Friday 15 February 2013

What is it about the phrase “this is the worst thing that could happen”? People very rarely use it appropriately. Same goes for variations such as “things couldn’t possibly get any worse for__________.” Admittedly I hear them a lot in the context of sports commentary – but it isn’t the only place, Talksport is not somewhere you hear something for the first – or only- time.

“Vale City manager Clem Datona must be thinking that things couldn’t get much worse than being two goals down in a must win game.” Three goals down; Four goals down; Five goals down; Two goals down and all the players are on fire; Two goals down and the plumbing in the changing rooms isn’t working. I could go on. Sure, you could say this is just me being overly pedantic. However, as with my counter argument to most accusation of pedantry, I would say that I am just saying that something is wrong and it might be more helpful if things just were not wrong in the first place.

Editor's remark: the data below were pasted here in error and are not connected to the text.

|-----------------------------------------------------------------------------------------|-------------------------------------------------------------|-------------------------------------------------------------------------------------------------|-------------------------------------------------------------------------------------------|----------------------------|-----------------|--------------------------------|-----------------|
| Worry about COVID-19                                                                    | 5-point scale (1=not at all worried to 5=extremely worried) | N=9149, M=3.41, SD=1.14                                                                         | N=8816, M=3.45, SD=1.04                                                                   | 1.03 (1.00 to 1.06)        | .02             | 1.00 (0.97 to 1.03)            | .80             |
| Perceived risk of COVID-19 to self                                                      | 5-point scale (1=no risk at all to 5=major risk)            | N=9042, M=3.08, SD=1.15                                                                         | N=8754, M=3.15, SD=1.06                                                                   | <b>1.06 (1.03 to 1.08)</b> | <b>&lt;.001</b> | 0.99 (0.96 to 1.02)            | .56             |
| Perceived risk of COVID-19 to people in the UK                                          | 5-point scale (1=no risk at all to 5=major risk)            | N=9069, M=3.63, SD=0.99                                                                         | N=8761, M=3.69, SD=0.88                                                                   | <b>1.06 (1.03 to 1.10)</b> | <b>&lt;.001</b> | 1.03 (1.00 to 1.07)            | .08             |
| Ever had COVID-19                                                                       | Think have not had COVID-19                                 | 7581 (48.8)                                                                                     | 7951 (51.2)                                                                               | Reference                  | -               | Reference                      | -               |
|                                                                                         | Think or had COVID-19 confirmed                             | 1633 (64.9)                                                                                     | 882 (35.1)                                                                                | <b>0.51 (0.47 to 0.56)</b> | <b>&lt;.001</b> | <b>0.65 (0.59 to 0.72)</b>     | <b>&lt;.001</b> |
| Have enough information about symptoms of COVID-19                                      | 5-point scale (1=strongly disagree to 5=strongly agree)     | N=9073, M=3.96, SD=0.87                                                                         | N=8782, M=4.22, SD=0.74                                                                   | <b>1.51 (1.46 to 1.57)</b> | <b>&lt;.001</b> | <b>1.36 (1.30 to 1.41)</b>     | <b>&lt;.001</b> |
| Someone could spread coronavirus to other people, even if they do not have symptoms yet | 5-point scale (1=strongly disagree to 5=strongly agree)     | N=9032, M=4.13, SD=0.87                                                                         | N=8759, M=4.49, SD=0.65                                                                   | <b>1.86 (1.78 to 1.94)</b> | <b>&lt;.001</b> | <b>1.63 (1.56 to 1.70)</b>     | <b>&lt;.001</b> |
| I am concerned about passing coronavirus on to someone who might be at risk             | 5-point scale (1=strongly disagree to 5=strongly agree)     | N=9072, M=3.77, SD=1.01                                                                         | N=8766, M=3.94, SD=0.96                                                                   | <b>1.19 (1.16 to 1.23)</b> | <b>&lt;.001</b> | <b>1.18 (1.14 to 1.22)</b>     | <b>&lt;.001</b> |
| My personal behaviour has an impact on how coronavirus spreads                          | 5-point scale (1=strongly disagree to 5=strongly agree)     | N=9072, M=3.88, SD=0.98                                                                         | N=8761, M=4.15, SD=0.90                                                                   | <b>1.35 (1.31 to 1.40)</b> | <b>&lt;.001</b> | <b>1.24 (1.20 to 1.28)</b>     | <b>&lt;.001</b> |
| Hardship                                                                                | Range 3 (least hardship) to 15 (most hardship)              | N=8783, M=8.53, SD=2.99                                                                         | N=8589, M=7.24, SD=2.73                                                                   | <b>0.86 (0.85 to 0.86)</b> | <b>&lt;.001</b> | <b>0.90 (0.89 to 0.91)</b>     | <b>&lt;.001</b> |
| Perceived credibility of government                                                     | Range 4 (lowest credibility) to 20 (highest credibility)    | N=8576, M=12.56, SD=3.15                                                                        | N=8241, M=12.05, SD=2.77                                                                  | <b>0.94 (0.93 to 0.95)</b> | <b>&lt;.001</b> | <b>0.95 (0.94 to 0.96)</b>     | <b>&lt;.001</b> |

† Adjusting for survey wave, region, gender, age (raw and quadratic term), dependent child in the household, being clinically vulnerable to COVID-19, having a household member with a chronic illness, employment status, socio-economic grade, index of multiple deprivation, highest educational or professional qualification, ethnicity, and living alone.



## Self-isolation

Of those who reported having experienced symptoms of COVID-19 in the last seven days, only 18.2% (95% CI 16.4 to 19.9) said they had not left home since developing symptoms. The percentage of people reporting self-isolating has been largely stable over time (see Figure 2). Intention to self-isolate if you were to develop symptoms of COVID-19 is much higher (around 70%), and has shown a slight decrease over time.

In the situations where the phrase could actually be used without any sense of hyperbole it would be deemed inappropriate. We’re at a police press conference. Two exhausted looking adults are sat at a table with a prominent policeperson or two. It’s because their daughter has been missing for eight days. The father is not likely to say: “Well we were just relaxing and I went back in the house for two minutes to help my wife finish off lunch when we came out with the sandwiches our little girl was gone. She’s been gone long enough for us to have to accept that she’s been taken and murdered. I’ll be honest this is worst thing that could possible have happened to us.”

And he could, justifiably, use it. So, it’s either used incorrectly or not used when it could be. Conclusion: retire the phrase.

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